Impacts
Results of Klamath sucker research are routinely used to inform decision making by US Fish & Wildlife Service and US Bureau of Reclamation. Results of the fish deformity work showed that skeletal deformities were caused by parasites, not water quality, and reduced some concerns about human consumption of Willamette River water. Results of Umpqua chub research show basin-wide decline and have raised concern about their conservation. Results of taxonomic work on suckers and tui chubs has helped better categorize the biodiversity of these fishes.

Publications

  • Cunningham, M. E., D. F. Markle, V. G. Watral, M. L. Kent, and L. R. Curtis. 2005. Patterns of fish deformities and their association with trematode cysts in the Willamette River, Oregon. Environmental Biology of Fishes, 73:9-19.
  • Villeneuve, D. L., L. R. Curtis, J. J. Jenkins, K. E. Warner, F. A. Tilton, M. L. Kent, V. G. Watral, M. E. Cunningham, D. F. Markle, D. Sethajintanin, O. Krissanakriangkrai, E. R. Johnson, R. Grove and K. A. Anderson. 2005. Environmental stresses and skeletal deformities in fish from the Willamette River, Oregon, USA. Environmental Science & Technology, 39:3495-3506.
  • Markle, D. F., M. R. Cavalluzzi and D. C. Simon. 2005. Morphology and taxonomy of Klamath Basin suckers (Catostomidae). Western North American Naturalist, 65(4):473-489.
  • Remple, S. and D. F. Markle. 2005. Description and identification of larval cyprinids (fathead minnow, tui chub and blue chub) from Upper Klamath Lake, Oregon. California Fish and Game, 91(2):83-99.
  • Markle, D. F. and Dunsmoor, L. K. 2007. Effects of habitat volume and fathead minnow introduction on larval survival of two endangered sucker species in Upper Klamath Lake, Oregon. Trans. Am. Fish. Soc., 136:567-579.
  • Cooke, S.J., C. M. Bunt, S. J. Hamilton, C. A. Jennings, M. P. Pearson, M. S. Cooperman and D. F. Markle. 2004. Threats, conservation strategies and prognosis for suckers (Catostomidae) in North America: insights from regional case studies of a diverse family of non-game fishes. Biological Conservation, 121:317-331.
  • Markle, D. F., R. French, S. Naman, J. Demarest and M. Hatfield, 2002. Historical patterns of skeletal deformities in fishes from the Willamette River, Oregon. Northwestern Naturalist, 83:7-14.
  • Markle, D. F., 2002. Understanding science. pp. 91-92 In. W.S. Braunworth, Jr., T. Welch, and R. Hathaway (eds.). Water Allocation in the Klamath Reclamation Project, 2001: An Assessment of Natural Resource, Economic, Social, and Institutional Issues in the Upper Klamath Basin. Corvallis: Oregon State University Extension Service, 401 p. (http://extension.oregonstate.edu/catalog/html/sr/sr1037/)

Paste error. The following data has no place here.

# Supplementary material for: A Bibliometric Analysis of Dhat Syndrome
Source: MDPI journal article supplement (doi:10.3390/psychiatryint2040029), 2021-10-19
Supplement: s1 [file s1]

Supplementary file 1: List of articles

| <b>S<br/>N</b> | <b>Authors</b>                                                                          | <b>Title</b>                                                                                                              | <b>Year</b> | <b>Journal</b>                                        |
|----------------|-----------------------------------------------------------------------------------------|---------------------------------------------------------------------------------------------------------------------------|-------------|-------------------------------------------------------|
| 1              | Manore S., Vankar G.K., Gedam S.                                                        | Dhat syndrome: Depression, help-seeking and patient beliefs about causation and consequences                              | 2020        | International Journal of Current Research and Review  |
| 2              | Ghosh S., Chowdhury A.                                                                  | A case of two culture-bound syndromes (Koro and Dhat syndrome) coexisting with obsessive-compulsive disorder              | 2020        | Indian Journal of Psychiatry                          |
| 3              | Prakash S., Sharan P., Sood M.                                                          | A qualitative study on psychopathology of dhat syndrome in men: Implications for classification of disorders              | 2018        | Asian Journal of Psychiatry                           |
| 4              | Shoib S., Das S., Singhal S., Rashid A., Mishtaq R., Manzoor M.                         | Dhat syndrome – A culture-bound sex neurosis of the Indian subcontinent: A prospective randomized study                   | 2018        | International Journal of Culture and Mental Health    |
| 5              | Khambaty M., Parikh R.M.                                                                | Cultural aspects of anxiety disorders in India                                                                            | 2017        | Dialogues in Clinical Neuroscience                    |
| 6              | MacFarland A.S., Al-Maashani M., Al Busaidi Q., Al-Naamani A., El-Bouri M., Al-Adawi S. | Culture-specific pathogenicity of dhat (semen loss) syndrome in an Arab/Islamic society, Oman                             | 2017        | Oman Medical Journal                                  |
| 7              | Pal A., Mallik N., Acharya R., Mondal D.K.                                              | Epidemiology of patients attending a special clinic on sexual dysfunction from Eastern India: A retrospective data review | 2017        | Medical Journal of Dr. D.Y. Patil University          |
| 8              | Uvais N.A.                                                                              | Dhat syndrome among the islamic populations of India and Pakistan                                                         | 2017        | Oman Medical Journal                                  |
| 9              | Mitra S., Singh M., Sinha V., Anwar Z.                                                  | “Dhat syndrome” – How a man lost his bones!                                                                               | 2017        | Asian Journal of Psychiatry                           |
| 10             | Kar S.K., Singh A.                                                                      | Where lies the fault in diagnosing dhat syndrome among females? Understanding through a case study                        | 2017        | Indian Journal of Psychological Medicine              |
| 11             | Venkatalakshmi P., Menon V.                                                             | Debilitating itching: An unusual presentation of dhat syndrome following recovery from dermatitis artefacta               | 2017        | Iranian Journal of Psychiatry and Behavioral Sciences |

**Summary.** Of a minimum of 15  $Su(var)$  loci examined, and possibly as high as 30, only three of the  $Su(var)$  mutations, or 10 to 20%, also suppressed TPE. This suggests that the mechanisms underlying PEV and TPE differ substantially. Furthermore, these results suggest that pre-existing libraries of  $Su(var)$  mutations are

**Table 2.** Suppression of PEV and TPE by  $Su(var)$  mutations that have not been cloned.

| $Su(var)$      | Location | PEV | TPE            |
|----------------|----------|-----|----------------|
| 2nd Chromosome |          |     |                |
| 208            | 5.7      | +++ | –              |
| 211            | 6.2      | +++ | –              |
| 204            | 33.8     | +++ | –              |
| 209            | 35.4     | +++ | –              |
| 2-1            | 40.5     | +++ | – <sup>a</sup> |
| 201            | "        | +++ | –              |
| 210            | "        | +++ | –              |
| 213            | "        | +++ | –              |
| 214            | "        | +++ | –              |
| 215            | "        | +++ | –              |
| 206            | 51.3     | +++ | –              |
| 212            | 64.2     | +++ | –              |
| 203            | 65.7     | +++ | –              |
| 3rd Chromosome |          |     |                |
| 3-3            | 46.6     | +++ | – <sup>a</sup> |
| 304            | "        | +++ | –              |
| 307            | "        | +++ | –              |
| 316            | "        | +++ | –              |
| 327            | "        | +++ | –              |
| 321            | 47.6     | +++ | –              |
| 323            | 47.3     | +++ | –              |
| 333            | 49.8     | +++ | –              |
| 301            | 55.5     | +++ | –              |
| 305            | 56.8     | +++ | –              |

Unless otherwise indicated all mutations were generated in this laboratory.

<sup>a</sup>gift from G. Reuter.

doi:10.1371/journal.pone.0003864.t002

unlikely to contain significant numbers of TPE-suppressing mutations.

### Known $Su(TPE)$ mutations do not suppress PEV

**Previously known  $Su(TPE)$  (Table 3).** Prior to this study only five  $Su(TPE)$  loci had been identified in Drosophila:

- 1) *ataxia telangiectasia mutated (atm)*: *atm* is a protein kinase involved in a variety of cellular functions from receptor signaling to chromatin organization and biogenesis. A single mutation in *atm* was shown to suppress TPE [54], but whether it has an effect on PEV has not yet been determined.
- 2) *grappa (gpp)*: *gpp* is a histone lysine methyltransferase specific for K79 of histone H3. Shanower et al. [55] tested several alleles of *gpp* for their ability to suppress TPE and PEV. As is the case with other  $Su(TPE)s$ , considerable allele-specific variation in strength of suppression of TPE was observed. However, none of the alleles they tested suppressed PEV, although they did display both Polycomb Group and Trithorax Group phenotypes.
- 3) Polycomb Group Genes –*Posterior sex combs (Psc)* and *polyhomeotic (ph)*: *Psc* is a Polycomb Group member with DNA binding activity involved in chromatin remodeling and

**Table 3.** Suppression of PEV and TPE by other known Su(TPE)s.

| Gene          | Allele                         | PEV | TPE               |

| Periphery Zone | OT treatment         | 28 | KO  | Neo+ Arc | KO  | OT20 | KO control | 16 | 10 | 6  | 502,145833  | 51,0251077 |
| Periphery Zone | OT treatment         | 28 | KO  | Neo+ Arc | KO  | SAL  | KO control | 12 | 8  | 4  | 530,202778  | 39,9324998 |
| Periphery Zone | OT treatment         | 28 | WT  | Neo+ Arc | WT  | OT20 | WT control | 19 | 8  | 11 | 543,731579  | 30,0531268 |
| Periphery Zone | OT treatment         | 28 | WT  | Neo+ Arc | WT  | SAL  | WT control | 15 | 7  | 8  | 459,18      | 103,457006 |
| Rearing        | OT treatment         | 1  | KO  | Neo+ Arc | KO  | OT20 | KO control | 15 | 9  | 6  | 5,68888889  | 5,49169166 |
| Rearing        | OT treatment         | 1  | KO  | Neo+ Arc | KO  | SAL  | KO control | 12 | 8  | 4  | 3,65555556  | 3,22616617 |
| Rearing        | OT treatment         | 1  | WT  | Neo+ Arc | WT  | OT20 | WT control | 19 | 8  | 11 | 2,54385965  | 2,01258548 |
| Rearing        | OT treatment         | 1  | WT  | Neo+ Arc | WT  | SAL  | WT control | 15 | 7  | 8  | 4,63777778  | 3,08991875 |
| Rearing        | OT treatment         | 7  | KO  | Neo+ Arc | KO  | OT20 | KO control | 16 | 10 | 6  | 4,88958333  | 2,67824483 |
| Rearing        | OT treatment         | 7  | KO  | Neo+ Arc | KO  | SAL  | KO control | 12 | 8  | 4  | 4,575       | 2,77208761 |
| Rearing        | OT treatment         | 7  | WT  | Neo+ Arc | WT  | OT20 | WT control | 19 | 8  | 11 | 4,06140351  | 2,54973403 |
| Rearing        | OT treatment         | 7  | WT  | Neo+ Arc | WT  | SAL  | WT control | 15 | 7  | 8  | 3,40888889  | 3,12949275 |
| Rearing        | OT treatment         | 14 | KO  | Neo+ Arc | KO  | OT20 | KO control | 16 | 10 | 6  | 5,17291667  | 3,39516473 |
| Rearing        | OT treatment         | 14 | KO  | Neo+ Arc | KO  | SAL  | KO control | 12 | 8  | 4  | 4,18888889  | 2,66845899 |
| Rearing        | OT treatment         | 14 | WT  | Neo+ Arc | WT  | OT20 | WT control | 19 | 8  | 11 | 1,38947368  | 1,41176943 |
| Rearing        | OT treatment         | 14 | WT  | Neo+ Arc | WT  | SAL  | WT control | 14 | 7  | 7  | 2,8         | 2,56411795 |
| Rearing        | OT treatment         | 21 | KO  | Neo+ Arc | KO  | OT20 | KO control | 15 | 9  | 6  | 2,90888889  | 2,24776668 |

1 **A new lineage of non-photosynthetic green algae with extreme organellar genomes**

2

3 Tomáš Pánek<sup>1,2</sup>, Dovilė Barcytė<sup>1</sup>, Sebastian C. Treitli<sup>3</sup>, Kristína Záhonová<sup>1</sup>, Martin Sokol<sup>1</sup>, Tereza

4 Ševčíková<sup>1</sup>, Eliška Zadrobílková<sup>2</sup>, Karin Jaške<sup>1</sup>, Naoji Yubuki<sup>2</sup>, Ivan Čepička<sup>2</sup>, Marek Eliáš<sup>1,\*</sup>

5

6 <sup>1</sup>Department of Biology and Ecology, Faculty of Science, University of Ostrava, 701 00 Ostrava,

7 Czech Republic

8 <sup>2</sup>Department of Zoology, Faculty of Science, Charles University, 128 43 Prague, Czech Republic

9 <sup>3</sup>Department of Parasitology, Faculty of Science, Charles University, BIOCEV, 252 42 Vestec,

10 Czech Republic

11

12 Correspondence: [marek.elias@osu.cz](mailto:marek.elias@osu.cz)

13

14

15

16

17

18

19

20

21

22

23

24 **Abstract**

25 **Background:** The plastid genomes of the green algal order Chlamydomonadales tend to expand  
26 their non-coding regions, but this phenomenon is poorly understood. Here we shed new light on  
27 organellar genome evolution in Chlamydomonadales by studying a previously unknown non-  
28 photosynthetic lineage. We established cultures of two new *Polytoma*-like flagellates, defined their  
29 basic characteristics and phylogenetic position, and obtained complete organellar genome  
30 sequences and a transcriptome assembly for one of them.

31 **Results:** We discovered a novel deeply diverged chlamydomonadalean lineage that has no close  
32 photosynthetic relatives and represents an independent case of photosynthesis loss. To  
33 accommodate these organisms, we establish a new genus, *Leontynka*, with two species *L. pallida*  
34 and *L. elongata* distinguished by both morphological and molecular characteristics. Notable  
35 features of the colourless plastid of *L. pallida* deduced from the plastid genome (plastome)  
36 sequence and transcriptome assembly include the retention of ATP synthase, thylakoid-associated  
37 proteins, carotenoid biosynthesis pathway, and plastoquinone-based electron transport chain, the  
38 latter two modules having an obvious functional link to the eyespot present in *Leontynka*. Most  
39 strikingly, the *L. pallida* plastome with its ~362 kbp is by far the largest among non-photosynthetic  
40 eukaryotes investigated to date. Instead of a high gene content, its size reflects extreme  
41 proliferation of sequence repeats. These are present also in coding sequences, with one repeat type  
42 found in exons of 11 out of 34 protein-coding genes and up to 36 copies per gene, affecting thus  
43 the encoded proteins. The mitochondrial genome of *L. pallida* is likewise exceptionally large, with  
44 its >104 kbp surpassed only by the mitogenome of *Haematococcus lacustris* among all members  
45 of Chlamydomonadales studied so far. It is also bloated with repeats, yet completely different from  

• Markle, D. F. and M. Cooperman, 2002. Relationships between Lost River and shortnose sucker biology and management of Upper Klamath Lake. Pp. 93-117. In. W.S. Braunworth, Jr., T. Welch, and R. Hathaway (eds.). Water Allocation in the Klamath Reclamation Project, 2001: An Assessment of Natural Resource, Economic, Social, and Institutional Issues in the Upper Klamath Basin. Corvallis: Oregon State University Extension Service, 401 p. (http://extension.oregonstate.edu/catalog/html/sr/sr1037/)
  • Cooperman M. S. and D. F. Markle. 2003. The Endangered Species Act and the National Research Council's interim judgment in Klamath Basin. Fisheries, 28 (3):10-19.
  • Markle, D. F. 2003. Book review of The Rockfishes of the Northeast Pacific. Copeia, No. 2:421-422.
  • Terwilliger, M., D. F. Markle and J. Kann. 2003. Associations between water quality and daily growth of juvenile shortnose and Lost River suckers in Upper Klamath Lake, Oregon. Trans. Am. Fish. Soc. 132:691-708.
  • Petry, P., P. B. Bayley, and D. F. Markle. 2003. Relationships between fish assemblages, macrophytes and environmental gradients in the Amazon River floodplain. Journal of Fish Biology, 63:547-579.
  • Cooperman, M.S. and D.F. Markle. 2003. Rapid outmigration of Lost River and shortnose sucker larvae from in-river spawning beds to in-lake rearing grounds. Trans. Am. Fish. Soc. 132:1138-1153.
  • Cooperman, M.S. and D.F. Markle. 2004. Abundance, size, and feeding success of larval shortnose suckers and Lost River suckers from different habitats of the littoral zone of Upper Klamath Lake. Environmental Biol. Fishes 71:365-377.
  • Kent, M.L., V. Watral, C. Whipps, M.E. Cunningham, C. D. Criscione, J.R. Heidel, L. R. Curtis, J. Spitsbergen and D. F. Markle, 2004. A digenean metacercariae (Apophallus sp.) and a myxozoan (Myxobolus sp.) associated with vertebral deformities in cyprinid fishes from the Willamette River, Oregon. J. Aquatic Animal Health 16:116-129.
  • Markle, D. F. 2004. Review of Inland Fishes of Washington. Fisheries, 29:42-43.


Progress 01/01/06 to 12/31/06

Outputs
The Willamette fish deformity work has been completed and published. The Klamath fish larvae and juvenile work continues and publications have described important aspects of recruitment biology. Parts of the Klamath sucker taxonomy and genetics studies have been published and the final part in revision. A PhD and MS student are currently working on coastal and southeastern Oregon fish taxonomy.

Impacts